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Clark's Throne Speech strikes sunny note, despite gloomy economic forecast

The B.C. government's revenue projections for this year have already sprung a leak. The economy is expected to grow at a much more modest rate than forecast because of global financial instability.

Still, that sobering admission couldn't stop B.C. Premier Christy Clark from forging a mostly optimistic tone in her government's Throne Speech on Monday, the first under her leadership.

Nor could it hold her back from making good on voter-friendly promises that would seem to defy the current economic state of affairs.

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On that front, the Liberals announced Family Day as the newest provincial holiday. It won't start, however, until Feb. 18, 2013, just two months before the next provincial election is to be held.

While the new holiday is certain to make Ms. Clark popular with many voters, it will not put a smile on the face of the business community. It's been estimated that a statutory holiday costs the B.C. economy about $300-million. If the economic climate continues to deteriorate, employers are certain to be even more resentful about having to pay for another day off for their workers – the 11th in the provincial calendar.

The new holiday is more evidence of Ms. Clark's dogged determination to make Families First – the amorphous slogan that has become the mantra of her government – the backdrop of practically every announcement she makes. As the Premier is quickly proving, government does little that doesn't affect families, however you may define them, in one form or another.

And so the government's recently announced jobs strategy, regurgitated in the Throne Speech, is all about putting families first. So is making education more accessible, and clearing up the burgeoning backlog in the court system and making improvements to the health system and helping police make our communities safer, all measures the speech promised. Which is little different from what most governments across the country are promising – just packaged slightly differently.

And when you don't have a lot of money to throw around to make voters pleased with you, then you have to lean even more heavily on style and presentation and making things sound more significant than they really are.

In that regard, one section of the speech was widely interpreted as suggesting the government was preparing to back off its net-zero mandate for public sector labour negotiations. Instituted two years ago, net zero would mean that any wage increase must be financed by a commensurate amount of savings found somewhere within the collective agreement.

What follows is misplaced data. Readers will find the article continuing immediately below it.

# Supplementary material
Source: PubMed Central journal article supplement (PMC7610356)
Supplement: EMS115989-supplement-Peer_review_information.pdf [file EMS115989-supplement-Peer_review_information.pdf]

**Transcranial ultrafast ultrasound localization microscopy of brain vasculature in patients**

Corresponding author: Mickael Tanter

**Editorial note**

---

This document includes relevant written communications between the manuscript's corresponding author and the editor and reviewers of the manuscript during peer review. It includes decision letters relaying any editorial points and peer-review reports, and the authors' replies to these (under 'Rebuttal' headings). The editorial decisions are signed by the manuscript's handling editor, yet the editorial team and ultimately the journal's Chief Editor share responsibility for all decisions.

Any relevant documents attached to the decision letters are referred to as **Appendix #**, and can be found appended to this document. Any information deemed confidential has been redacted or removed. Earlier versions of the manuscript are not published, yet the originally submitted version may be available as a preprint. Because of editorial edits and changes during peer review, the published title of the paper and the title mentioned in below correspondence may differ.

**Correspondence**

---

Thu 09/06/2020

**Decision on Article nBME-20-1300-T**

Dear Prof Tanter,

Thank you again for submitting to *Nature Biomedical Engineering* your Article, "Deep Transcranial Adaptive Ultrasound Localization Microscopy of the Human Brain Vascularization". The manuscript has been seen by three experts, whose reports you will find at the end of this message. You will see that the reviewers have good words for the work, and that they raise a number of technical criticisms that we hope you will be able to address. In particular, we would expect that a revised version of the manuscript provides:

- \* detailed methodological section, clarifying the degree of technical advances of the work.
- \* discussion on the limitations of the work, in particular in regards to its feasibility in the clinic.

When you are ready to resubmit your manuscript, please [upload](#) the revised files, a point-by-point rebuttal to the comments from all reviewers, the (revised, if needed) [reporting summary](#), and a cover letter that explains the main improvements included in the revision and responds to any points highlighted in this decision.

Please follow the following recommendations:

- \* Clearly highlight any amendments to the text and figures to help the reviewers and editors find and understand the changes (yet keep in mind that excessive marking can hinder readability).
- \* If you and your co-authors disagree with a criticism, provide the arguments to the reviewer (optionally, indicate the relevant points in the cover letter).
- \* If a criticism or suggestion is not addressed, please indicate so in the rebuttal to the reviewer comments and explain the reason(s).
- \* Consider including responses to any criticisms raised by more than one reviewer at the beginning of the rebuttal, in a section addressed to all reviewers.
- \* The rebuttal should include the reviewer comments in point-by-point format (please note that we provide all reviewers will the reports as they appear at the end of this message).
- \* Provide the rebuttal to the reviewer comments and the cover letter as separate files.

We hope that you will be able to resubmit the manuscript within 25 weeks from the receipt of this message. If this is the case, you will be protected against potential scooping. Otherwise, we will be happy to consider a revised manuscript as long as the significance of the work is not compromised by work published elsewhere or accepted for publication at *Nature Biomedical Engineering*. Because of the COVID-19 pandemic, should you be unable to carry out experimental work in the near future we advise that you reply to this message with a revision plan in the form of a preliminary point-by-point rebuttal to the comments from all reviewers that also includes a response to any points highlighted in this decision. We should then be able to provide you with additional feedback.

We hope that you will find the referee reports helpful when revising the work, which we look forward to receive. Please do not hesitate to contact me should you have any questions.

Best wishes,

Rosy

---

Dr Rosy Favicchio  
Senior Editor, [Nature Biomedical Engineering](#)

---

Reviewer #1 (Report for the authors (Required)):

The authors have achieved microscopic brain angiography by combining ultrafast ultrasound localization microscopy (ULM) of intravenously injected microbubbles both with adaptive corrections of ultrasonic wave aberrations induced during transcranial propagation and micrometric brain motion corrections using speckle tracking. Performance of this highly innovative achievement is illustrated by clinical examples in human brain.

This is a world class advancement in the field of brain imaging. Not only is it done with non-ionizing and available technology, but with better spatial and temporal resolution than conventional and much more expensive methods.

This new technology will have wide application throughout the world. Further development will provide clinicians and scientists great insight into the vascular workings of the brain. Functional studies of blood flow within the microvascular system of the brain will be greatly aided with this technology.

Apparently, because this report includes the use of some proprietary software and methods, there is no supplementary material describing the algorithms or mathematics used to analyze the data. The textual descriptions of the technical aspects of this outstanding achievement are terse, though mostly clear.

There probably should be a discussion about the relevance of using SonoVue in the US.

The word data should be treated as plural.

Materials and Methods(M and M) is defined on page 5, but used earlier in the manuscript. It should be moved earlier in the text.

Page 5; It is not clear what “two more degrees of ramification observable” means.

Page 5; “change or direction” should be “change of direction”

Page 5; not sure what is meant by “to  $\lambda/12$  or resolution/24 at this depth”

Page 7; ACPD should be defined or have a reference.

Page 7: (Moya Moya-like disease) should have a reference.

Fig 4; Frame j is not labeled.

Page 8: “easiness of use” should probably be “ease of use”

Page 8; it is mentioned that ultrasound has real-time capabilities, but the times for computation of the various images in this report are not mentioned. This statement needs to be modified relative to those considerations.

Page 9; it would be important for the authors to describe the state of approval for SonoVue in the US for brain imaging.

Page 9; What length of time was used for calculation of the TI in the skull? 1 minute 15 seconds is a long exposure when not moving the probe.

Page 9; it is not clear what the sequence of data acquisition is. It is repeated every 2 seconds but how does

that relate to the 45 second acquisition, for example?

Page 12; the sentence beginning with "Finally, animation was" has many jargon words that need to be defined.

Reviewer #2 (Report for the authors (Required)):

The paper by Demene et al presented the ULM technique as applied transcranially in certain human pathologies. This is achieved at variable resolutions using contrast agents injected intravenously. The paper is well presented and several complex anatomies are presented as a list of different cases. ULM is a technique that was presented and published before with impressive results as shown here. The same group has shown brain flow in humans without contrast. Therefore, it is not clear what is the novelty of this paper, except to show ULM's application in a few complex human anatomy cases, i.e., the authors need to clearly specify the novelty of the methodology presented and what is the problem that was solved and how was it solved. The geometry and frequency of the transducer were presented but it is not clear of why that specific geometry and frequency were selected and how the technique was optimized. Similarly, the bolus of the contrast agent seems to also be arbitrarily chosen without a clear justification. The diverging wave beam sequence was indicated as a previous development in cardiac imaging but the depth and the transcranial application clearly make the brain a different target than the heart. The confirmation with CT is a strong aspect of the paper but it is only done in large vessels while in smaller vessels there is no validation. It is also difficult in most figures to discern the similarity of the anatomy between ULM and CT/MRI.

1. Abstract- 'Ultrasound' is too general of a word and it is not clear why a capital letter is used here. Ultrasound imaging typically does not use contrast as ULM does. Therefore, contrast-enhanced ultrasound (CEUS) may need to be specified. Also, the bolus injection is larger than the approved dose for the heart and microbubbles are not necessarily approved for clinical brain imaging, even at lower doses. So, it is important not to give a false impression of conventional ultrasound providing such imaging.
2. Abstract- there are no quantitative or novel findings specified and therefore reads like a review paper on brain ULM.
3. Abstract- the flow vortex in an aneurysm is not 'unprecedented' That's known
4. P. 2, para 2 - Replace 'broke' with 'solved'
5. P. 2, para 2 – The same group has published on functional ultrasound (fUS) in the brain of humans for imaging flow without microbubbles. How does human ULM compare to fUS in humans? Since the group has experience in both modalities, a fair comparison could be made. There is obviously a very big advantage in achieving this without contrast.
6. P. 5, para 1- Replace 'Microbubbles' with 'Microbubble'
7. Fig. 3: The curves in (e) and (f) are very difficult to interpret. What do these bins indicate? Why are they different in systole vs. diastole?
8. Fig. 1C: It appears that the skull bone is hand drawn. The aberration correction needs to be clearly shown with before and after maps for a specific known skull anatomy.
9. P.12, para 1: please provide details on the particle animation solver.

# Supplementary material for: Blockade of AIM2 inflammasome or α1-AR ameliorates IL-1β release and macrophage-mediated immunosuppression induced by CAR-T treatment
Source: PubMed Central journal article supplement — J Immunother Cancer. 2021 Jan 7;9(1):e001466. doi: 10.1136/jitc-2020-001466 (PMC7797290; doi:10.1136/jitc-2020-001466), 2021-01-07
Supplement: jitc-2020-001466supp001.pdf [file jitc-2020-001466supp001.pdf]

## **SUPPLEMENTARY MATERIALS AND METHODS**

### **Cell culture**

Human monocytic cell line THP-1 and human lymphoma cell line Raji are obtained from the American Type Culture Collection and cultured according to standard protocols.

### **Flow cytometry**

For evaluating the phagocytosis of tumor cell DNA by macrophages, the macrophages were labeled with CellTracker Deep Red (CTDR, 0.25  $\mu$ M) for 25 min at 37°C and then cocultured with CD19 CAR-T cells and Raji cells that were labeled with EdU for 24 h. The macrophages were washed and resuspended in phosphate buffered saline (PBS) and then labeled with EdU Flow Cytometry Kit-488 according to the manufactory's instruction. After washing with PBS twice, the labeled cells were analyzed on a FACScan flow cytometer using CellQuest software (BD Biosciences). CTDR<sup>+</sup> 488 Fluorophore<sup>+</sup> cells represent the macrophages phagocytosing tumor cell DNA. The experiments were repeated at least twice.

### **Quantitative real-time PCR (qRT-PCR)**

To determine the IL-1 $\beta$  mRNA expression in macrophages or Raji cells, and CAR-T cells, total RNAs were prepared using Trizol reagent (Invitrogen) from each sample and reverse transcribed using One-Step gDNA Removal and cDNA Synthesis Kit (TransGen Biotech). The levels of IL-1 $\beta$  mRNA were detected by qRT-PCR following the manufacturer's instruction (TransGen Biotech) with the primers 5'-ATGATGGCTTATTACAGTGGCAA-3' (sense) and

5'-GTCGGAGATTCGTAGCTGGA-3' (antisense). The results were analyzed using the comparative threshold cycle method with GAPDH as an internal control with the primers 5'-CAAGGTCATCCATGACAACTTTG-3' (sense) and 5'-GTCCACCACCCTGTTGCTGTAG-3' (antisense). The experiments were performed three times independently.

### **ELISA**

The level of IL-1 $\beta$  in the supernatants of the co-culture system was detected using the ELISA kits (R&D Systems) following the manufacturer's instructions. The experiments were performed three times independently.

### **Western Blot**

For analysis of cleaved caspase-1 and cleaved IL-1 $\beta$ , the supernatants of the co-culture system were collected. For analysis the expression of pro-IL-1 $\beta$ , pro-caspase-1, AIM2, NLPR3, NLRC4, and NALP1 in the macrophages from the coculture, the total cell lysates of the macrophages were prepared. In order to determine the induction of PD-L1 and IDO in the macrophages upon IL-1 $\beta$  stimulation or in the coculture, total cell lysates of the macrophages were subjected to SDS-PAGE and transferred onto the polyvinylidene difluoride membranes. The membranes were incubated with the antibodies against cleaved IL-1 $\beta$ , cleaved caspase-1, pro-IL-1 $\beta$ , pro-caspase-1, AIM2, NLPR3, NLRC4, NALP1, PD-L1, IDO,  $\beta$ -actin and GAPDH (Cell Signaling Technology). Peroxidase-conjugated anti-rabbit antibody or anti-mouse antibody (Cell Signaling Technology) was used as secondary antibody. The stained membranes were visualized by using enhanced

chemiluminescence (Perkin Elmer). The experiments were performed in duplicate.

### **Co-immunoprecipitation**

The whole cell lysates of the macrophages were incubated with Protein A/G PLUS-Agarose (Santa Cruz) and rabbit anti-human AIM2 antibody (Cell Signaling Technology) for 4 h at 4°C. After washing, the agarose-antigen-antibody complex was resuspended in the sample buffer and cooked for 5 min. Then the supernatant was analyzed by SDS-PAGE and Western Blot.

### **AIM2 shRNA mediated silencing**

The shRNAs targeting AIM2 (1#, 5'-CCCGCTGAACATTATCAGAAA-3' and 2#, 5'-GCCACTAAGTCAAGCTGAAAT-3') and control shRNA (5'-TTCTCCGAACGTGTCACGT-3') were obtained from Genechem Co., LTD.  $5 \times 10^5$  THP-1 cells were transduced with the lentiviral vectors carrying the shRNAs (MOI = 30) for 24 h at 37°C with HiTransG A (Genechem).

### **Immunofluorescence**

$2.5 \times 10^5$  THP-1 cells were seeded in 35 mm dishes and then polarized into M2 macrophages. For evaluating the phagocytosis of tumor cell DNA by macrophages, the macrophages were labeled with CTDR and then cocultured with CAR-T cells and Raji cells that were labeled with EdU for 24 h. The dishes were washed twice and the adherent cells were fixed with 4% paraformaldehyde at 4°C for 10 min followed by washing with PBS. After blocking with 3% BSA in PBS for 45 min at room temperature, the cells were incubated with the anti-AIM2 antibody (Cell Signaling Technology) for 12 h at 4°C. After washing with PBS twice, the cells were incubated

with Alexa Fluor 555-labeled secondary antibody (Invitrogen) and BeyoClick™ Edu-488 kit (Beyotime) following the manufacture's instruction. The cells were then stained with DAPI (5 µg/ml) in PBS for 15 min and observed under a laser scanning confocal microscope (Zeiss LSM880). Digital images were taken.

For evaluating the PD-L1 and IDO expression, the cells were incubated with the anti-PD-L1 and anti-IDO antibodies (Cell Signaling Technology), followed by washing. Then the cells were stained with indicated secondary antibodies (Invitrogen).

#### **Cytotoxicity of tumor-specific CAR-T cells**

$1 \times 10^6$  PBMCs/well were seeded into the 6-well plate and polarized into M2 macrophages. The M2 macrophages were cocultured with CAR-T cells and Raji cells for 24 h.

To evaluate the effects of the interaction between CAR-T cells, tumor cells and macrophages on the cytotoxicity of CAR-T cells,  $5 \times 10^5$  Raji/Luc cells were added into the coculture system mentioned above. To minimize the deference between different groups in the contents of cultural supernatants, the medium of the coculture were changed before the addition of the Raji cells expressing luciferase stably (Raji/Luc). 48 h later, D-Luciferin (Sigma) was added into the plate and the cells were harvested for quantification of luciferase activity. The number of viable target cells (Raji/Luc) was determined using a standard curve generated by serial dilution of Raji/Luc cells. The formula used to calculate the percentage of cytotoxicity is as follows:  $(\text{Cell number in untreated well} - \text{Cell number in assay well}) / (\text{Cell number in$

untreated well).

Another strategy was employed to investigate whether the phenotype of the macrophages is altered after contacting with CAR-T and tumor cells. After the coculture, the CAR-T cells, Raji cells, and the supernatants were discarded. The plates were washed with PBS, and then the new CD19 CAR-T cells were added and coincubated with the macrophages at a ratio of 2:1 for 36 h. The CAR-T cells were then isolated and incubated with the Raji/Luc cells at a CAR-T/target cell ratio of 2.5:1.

"The government will facilitate a process for collective agreement provisions by working with ministries and employer groups to find savings through co-operative gains," the speech said.

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Is that the sound of a government softening its net-zero mandate? It isn't really. Any public sector wage increase is still going to have to be funded by savings – or co-operative gains – found somewhere else. It just means the savings can be from within a ministry budget and not just the collective agreement.

But there are few rocks that haven't been turned over in recent years to find those gains. So civil servants may not want to get their hopes up just yet.

Beyond that, perhaps the most newsworthy element in the speech was the pledge to attempt to hold a show-trial for those charged in the Stanley Cup riot. That would be court proceedings broadcast on television and radio (and, more than likely, the Internet).

"They had no problem committing their crimes in public," Ms. Clark told reporters later. So evidently they should be tried in public too.

While it's the kind of populist measure for which the Premier is becoming famous, I wish her luck in making it happen. Even the government's own criminal justice branch on Monday raised doubts about the viability of such a move. And with good reason. How could it not be seen as prejudicing a certain class of defendant? How could the courts justify televising a rioter's trial and not that of a murderer or a pedophile?

And what would it cost taxpayers at a time when the government is crying poor? Those are questions for which the Throne Speech didn't have an answer.

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About the Author
National affairs columnist

Gary Mason began his journalism career in British Columbia in 1981, working as a summer intern for Canadian Press. More

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